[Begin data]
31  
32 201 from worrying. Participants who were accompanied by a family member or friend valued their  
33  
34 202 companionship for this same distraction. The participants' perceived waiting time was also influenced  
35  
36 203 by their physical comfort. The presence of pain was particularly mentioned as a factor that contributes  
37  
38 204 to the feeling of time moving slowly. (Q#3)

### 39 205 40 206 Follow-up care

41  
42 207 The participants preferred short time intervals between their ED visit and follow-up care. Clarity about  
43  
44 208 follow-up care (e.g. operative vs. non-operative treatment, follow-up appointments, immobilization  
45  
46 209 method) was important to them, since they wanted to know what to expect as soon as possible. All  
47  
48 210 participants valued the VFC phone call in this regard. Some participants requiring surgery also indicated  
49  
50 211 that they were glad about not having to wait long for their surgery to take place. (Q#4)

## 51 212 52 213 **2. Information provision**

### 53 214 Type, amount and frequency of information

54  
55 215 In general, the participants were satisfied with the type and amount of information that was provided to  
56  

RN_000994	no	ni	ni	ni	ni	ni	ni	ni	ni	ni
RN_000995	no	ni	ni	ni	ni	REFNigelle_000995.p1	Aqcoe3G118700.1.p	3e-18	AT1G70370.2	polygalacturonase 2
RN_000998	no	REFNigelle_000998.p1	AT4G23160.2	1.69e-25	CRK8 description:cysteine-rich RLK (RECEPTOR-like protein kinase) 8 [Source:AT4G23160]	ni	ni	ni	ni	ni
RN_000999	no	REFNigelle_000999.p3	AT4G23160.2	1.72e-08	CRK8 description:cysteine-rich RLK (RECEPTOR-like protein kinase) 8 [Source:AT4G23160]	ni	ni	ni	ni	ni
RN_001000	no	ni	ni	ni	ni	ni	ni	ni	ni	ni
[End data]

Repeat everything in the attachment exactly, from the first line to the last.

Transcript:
31  
32 201 from worrying. Participants who were accompanied by a family member or friend valued their  
33  
34 202 companionship for this same distraction. The participants' perceived waiting time was also influenced  
35  
36 203 by their physical comfort. The presence of pain was particularly mentioned as a factor that contributes  
37  
38 204 to the feeling of time moving slowly. (Q#3)

### 39 205 40 206 Follow-up care

41  
42 207 The participants preferred short time intervals between their ED visit and follow-up care. Clarity about  
43  
44 208 follow-up care (e.g. operative vs. non-operative treatment, follow-up appointments, immobilization  
45  
46 209 method) was important to them, since they wanted to know what to expect as soon as possible. All  
47  
48 210 participants valued the VFC phone call in this regard. Some participants requiring surgery also indicated  
49  
50 211 that they were glad about not having to wait long for their surgery to take place. (Q#4)

## 51 212 52 213 **2. Information provision**

### 53 214 Type, amount and frequency of information

54  
55 215 In general, the participants were satisfied with the type and amount of information that was provided to  
56  

RN_000994	no	ni	ni	ni	ni	ni	ni	ni	ni	ni
RN_000995	no	ni	ni	ni	ni	REFNigelle_000995.p1	Aqcoe3G118700.1.p	3e-18	AT1G70370.2	polygalacturonase 2
RN_000998	no	REFNigelle_000998.p1	AT4G23160.2	1.69e-25	CRK8 description:cysteine-rich RLK (RECEPTOR-like protein kinase) 8 [Source:AT4G23160]	ni	ni	ni	ni	ni
RN_000999	no	REFNigelle_000999.p3	AT4G23160.2	1.72e-08	CRK8 description:cysteine-rich RLK (RECEPTOR-like protein kinase) 8 [Source:AT4G23160]	ni	ni	ni	ni	ni
RN_001000	no	ni	ni	ni	ni	ni	ni	ni	ni	ni